Friday, August 29, 2014

Victoria, B.C. - Day 3

THE MARATHON DAY!

It was a good thing we called it an early night, because we decided to visit Craigdarroch Castle the next day, which would mean 5 miles of walking just to get there and back.  On the way, we happened to be near the Empress Hotel and stopped to ask about their tours.  As it happened, there was one starting within half an hour, so while it seemed a little odd to pay to tour a hotel, we decided to give it a try.  We had discussed having the legendary tea at the Empress, but at $60 a person for a beverage I don't even particularly like, we'd been hemming and hawing, and decided to wait until we saw the place. 

The hotel is lovely, 
 and has some beautiful furniture,
and the tour guides are in costume and aside from it being a tad warm with the humidity, we really enjoyed ourselves.  We opted to skip the tea as I'd already made reservations for tea at Butchart gardens later in the week, and instead wandered off in the direction of the castle, finding a lovely antique bookstore on the way,
where we were saved by the humidity and the idea of carrying books all the way to the castle and back from my spending too much time and money here.

The castle is on a pretty decent incline, so we stopped to rest outside for a bit and catch our breath,
 and to check out the neighbor's lawn. 
 
One of the things I really appreciated about Victoria is that since it was dry, lawns were brown.  Victoria gets only slightly more rain than we do, but Idahoans are maniacs about green lawns in a desert state in spite of water shortages, but Victoria is very laid back about this.  If it's dry, things will be dry.  Far more sensible approach in my opinion.

Craigdarroch Castle is an interesting place.  Built in the "conspicuous wealth" era of the industrial age, it was built to proclaim to the world that Robert Dunsmuir was the richest man in Victoria,
in spite of the fact that he died before it was completed and never lived there.  The woodwork is amazing,

 
 
 
 as were the antiques.
 
 
 The knitter in me particularly enjoyed this:
which is a hands-free reading chair complete with light (candle). 

The castle is a popular tourist spot, and initially our visit was plagued with one of those uncontrolled children that makes one long to have birth control doled out like candy as soon as puberty strikes, who was accompanied by a mother that didn't seem at all bothered by her little demon screaming and jumping on roped-off furniture.  To avoid the pair, we stopped to talk to a volunteer, which turned out to be a wonderful chance as the tour map with the itty-bitty 6-point print was pretty useless, and the signs were fairly repetitive.  One of the challenges the restoration process faced was that there was only one photograph (or perhaps two) ever found of the inside of the house when the family lived there, so the efforts to restore it were really interesting.  And, like so many large houses too expensive for future owners to maintain, it had been altered for institutional use--first as a hospital after World War 1, then as a college--you can still see the names of the bright sparks who carved their initials into the lovely woodwork--then turned into school administration offices when everything was painted that ghastly institutional green.  Our new friend clearly loved the castle and his volunteer work, and we had a great time with him.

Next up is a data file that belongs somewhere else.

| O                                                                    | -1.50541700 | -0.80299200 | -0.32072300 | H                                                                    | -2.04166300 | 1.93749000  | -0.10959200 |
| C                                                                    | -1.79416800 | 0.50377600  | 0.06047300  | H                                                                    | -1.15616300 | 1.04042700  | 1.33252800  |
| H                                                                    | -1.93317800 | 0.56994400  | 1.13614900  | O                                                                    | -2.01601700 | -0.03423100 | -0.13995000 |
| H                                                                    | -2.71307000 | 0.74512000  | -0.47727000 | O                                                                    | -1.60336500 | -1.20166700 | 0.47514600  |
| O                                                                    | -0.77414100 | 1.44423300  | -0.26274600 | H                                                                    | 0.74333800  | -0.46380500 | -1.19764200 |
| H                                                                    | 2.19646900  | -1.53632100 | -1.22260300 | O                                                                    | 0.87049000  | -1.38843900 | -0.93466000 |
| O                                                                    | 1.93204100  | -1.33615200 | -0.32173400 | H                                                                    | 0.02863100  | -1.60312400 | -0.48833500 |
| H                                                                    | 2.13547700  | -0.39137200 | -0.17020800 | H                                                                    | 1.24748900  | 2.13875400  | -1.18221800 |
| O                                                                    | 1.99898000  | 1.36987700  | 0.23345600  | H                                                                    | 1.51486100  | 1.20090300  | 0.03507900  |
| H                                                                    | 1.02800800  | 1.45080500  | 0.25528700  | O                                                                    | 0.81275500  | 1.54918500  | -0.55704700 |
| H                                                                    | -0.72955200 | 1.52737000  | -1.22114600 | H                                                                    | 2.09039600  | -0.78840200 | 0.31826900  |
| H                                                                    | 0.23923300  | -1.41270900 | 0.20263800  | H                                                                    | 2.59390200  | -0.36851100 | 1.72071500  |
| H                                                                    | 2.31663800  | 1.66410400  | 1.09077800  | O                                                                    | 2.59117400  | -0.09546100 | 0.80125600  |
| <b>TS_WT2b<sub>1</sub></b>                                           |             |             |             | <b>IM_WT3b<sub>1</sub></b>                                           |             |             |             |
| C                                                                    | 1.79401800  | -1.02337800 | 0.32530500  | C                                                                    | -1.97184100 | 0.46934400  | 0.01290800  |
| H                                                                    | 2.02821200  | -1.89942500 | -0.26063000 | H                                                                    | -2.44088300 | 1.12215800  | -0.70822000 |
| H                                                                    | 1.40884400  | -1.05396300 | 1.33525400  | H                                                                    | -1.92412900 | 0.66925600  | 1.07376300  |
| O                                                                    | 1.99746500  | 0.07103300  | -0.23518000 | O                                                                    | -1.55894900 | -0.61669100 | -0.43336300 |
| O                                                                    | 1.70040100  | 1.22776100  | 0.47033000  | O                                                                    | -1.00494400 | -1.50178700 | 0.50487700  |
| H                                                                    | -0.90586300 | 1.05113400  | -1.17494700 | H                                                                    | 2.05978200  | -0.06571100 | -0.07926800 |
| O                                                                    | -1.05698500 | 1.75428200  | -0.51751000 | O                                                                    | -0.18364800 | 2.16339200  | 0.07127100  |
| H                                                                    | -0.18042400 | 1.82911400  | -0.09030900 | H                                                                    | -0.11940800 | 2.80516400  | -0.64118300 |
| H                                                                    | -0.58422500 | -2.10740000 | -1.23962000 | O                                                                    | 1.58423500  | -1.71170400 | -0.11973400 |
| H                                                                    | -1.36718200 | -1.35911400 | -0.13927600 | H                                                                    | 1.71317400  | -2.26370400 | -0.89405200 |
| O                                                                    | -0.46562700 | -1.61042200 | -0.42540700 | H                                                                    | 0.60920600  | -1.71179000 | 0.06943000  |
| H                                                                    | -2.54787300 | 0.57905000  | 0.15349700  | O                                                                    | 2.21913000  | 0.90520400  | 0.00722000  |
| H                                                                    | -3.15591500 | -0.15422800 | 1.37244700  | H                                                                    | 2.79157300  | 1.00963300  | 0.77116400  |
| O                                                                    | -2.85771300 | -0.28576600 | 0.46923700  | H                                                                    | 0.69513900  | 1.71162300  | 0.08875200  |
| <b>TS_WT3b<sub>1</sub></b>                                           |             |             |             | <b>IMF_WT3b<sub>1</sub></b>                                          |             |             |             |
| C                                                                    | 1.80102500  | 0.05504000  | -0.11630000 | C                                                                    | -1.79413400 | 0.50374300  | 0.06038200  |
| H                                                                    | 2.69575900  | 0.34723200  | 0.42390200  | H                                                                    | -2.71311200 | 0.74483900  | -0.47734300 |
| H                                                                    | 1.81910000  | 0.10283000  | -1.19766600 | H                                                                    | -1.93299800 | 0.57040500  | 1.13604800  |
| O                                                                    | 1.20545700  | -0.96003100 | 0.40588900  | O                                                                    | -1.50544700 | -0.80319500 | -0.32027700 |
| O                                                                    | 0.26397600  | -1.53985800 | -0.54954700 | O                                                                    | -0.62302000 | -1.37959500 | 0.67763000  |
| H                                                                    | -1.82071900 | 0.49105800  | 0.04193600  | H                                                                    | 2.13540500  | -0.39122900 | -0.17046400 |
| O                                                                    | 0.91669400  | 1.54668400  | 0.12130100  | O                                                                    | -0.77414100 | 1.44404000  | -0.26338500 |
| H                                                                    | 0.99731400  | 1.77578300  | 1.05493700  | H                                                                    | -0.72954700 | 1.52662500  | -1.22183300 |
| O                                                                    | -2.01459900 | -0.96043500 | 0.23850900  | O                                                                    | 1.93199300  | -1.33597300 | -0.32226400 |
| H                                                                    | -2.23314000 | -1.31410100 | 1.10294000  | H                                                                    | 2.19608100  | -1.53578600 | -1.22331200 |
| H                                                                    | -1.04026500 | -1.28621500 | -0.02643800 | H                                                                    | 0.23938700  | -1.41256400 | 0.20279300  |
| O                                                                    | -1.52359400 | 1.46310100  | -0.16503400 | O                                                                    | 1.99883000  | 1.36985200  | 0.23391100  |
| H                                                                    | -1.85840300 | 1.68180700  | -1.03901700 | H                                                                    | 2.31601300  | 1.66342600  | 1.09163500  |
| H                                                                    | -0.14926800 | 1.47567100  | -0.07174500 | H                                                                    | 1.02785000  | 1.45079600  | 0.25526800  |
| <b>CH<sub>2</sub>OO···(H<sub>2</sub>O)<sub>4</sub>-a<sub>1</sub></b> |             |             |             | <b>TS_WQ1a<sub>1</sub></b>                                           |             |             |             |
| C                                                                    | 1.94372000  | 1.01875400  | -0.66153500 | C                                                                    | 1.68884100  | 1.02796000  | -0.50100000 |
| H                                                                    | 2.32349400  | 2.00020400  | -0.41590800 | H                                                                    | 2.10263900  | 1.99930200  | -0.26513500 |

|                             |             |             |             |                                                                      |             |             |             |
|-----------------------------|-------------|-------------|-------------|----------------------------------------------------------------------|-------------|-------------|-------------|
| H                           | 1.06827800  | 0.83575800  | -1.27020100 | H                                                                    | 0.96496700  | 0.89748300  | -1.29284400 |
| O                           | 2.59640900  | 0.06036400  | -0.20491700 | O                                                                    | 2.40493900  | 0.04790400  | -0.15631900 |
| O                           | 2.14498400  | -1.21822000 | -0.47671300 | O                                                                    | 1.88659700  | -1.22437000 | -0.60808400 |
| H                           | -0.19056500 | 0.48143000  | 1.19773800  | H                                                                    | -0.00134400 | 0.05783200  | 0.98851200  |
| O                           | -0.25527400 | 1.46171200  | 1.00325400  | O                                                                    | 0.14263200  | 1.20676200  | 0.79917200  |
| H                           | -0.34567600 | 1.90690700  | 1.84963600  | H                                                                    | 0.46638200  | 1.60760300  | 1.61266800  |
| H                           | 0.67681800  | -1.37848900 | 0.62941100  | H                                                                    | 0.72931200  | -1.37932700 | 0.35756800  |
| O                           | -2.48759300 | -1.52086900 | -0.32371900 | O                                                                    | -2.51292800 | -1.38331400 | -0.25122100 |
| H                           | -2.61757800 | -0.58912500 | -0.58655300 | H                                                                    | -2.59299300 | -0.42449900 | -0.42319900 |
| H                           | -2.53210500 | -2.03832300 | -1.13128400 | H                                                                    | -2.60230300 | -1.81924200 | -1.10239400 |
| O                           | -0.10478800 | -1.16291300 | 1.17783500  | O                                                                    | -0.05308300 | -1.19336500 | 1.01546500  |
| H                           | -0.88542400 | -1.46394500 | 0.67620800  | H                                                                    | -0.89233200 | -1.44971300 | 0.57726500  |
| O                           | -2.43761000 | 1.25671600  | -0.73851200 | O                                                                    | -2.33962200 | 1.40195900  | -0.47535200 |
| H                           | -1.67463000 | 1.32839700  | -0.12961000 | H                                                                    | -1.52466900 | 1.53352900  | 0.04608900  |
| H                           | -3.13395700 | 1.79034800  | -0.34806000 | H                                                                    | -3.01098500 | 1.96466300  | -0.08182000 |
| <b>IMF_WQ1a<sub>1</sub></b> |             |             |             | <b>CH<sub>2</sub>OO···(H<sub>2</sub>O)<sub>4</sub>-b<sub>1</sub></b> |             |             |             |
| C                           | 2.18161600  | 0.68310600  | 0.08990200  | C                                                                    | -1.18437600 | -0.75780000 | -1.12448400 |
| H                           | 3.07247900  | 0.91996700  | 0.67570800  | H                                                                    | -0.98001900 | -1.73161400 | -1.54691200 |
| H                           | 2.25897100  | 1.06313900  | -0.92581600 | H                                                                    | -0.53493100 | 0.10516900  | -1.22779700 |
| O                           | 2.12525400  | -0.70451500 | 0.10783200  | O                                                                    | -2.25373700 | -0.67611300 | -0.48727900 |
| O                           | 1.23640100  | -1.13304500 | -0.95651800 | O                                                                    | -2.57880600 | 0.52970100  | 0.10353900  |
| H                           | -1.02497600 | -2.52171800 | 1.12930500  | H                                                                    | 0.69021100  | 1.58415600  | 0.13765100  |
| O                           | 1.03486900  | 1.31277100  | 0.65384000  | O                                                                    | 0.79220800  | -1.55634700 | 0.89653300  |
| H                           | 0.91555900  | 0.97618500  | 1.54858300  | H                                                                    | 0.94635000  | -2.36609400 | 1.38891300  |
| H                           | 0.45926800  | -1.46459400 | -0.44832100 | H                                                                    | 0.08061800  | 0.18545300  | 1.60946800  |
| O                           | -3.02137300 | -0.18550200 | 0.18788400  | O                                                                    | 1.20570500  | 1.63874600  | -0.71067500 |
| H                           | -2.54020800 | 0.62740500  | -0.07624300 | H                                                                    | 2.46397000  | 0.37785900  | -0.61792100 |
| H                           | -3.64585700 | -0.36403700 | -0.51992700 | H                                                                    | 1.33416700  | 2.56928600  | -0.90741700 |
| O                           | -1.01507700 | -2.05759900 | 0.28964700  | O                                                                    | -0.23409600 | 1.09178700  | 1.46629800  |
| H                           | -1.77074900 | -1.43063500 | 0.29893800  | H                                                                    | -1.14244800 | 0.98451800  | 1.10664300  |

Waiting also gave us time to play on an actual Steinway piano,
left over from the era when the castle housed a music academy, and then to hear a young girl sit down and play something lovely.  Believe me, she was worth the wait.

 After all the stairs, we sat down on a bench for a bit to enjoy the view

and sympathize with a man and his son who were roundly chastised by the wife/mother for them being lazy--until we saw that they had a car parked right outside the entrance and were only tired from walking IN the castle--not to it.   
We could kind of see her point after that.

After hiking back down into town and making it an even LONGER walk because I had seen an advertisement for a Polish restaurant that I wanted to try (Boise not generally being overrun with nonchain restaurants and rather limited ethnically), only to discover it wasn't open on Mondays.  Luckily, we found the India Bistro, which was so wonderful that we recommended it to other tourists later in our visit. 

The day had been really warm--uncomfortably so in buildings--so when we found ourselves passing the heavily advertised Miniature World which proclaimed itself air-conditioned, we decided it was worth a try. 

The interesting thing about Miniature World is that it is so heavily advertised that we expected it to be as tacky as Ripley's Believe it or Not or any of those sad little attractions that never live up to expectations.  Luckily,
most of it was really quite fabulous.  There were a few sets that weren't as well done, and like most of the things in Victoria, we found it spectacularly lacking in information on how it was started, who built most of the miniatures, how they were built, or anything else, but there is a little information here that shows the man who started it all.  He built a fully functioning miniature lumber mill, though unfortunately the fire martial won't let it be operated even behind the glass.  But one can see a video of it actually working.

 Andy is posing here with a Dickens Village,
though I forget which one. 

By this point it was dark and late and things were closing up, so it was time to walk the mile back to the hotel.  Did I mention it wasn't too difficult to fall asleep each night?

1 comment:

retriever said...

Nice place for visit and beautifull fotos,
greeting from Belgium
http://louisette.eklablog.com

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